For many delegates, especially those attending large international conferences, an email from the conference organisers giving Member State allocations will result in a scramble for an Atlas or the Internet in ignorance that the State or NGO even existed. There is a temptation to feel dispirited if you are not representing a powerful country.
However, it really does not matter what Member State you represent – a delegate’s level of preparation and ability to form personal relationships with other delegates often counts for more than the diplomatic prestige that the name of their Member State is supposed to represent.
The ‘floating votes’ of those States undecided on an issue are likely to attract for more attention from those wishing to build consensus than countries whose policy is clearly known to be at an extreme. Member States hold equal voting and speaking rights in most committees, so, for a resolution to pass, a country with a particular interest in an issue cannot afford to ignore the vast majority of delegates with no direct interest.
Furthermore, representing a Member State that perhaps lacks either the ‘headline grabbing’ power or instability to feature regularly in the media gives the advantage that very few will be able to spot if there is slight deviation from the country’s stated policy. Those representing diplomatic powerhouses have to be far better prepared.
The opportunity to explore the alternative worldview of another country is one of the great attractions of MUN. There are countless sources providing information of relevance to MUN research. However, there are a number of easily accessible Internet-based sources of information that any MUN research project must include.
1. Study Guides
These are summaries prepared by the committee chairs of the topics on the committee agenda. They provide an excellent introduction to the issues and the major areas of contention. Most study guides also give policy positions according to regional blocs and suggest approaches that a resolution might adopt.
2. CIA World Fact Book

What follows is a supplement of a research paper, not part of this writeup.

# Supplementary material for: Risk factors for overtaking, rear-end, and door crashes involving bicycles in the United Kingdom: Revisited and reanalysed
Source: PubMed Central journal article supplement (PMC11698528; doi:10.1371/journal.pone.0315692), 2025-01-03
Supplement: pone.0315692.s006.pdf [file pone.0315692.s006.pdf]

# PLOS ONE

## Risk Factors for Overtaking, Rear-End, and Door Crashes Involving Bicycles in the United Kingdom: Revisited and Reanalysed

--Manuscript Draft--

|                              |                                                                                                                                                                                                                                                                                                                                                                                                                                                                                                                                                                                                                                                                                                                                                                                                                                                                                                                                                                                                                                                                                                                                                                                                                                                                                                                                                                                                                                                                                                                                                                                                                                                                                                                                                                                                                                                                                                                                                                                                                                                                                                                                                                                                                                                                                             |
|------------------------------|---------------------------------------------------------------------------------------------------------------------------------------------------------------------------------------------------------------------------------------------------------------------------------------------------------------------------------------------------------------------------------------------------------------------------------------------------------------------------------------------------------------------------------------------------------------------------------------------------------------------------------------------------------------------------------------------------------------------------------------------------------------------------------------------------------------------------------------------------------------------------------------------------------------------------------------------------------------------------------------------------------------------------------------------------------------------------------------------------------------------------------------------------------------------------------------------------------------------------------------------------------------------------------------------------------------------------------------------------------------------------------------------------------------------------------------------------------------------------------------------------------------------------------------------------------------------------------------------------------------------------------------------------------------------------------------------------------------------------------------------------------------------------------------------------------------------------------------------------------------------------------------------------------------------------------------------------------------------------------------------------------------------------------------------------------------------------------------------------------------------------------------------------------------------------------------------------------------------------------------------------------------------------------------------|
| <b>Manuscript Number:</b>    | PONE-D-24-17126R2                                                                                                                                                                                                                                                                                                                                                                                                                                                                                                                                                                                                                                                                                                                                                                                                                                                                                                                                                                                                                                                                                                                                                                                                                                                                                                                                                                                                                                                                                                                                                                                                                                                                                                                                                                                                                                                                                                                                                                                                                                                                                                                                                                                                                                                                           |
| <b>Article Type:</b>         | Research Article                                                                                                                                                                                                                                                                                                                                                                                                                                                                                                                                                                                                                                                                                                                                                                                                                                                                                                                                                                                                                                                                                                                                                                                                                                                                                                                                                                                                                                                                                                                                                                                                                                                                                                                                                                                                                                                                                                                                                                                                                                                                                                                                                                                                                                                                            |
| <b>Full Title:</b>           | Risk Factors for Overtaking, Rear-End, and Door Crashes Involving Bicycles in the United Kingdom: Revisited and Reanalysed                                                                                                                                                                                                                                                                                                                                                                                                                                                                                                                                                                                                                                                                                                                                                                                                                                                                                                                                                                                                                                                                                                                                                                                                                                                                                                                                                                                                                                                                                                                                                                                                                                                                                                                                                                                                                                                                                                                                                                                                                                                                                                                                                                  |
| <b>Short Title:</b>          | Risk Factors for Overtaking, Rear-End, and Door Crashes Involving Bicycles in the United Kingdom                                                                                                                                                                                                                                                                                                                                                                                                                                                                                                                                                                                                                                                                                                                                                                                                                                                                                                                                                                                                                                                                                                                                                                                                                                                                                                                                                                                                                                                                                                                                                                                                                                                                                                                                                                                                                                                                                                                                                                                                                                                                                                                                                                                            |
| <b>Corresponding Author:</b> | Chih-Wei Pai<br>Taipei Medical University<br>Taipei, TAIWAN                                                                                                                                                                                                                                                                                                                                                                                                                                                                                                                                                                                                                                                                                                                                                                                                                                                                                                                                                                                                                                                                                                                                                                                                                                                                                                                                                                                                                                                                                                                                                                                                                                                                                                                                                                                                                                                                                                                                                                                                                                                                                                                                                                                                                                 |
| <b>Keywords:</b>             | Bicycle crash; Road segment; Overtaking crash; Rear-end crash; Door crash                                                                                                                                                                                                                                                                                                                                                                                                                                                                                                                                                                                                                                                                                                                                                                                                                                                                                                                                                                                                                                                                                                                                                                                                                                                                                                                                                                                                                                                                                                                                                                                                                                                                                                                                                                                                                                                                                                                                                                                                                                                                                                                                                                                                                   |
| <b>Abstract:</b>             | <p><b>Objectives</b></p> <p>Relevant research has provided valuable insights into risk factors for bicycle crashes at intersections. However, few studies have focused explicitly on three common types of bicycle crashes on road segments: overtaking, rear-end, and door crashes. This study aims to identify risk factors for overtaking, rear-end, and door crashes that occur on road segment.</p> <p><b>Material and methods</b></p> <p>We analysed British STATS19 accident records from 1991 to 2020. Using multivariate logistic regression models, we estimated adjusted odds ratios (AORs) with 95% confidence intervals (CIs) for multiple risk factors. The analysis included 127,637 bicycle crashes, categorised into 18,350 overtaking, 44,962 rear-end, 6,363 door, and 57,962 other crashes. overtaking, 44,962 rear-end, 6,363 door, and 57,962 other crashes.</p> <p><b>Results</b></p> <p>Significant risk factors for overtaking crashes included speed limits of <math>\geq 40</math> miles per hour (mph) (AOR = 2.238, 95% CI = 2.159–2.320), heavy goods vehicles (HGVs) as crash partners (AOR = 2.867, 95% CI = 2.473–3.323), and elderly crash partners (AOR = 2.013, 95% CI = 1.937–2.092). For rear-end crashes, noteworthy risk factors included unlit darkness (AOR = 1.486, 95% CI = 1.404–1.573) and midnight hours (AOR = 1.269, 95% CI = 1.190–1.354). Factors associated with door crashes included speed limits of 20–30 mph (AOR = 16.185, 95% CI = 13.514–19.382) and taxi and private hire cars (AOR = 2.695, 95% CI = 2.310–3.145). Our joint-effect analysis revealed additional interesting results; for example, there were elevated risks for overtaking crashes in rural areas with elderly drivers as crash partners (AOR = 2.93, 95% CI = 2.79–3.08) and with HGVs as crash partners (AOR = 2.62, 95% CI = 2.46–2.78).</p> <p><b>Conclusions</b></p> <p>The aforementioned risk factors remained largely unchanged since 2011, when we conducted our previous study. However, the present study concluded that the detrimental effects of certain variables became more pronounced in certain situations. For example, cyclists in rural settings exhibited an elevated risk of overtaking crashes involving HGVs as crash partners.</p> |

The World Fact Book is maintained by the US Central Intelligence Agency and contains factual summaries on every country in the world, listing details of population, government, economy, language, religion and so on (access it at http://www.cia.gov/cia/publications/factbook/). Check facts like land area, population and GDP against a State you are familiar with such as the UK to provide a comparison.
3. BBC News
The BBC News web site (http://www.bbc.co.uk/news/ ) maintains a search function which can be checked for stories relating to your Member State or topic area.
4. Homepages of the Permanent Missions to the UN
Most missions to the UN have their own web sites containing policy statements and the text of speeches to UN bodies made by diplomats (go to http://www.un.int/index-en/webs.html for lists). They normally provide excellent summaries of that State’s policy towards most items on the UN’s agenda. Similar speeches and statements can also be found on the web sites of many national foreign affairs ministries.
5. United Nations Bibliographic Information System (UNBIS)
The text of speeches made to the UN can also be accessed through the database on the UNBIS web site (http://www.un.org/Depts/dhl/unbisnet/index.htm). Other important tools on the UNBIS site are searchable databases of Member States’ voting records and resolution sponsorship.
6. UN Document Centre
Provides access to all UN resolutions since 1946 (http://www.un.org/Depts/dhl/index.html).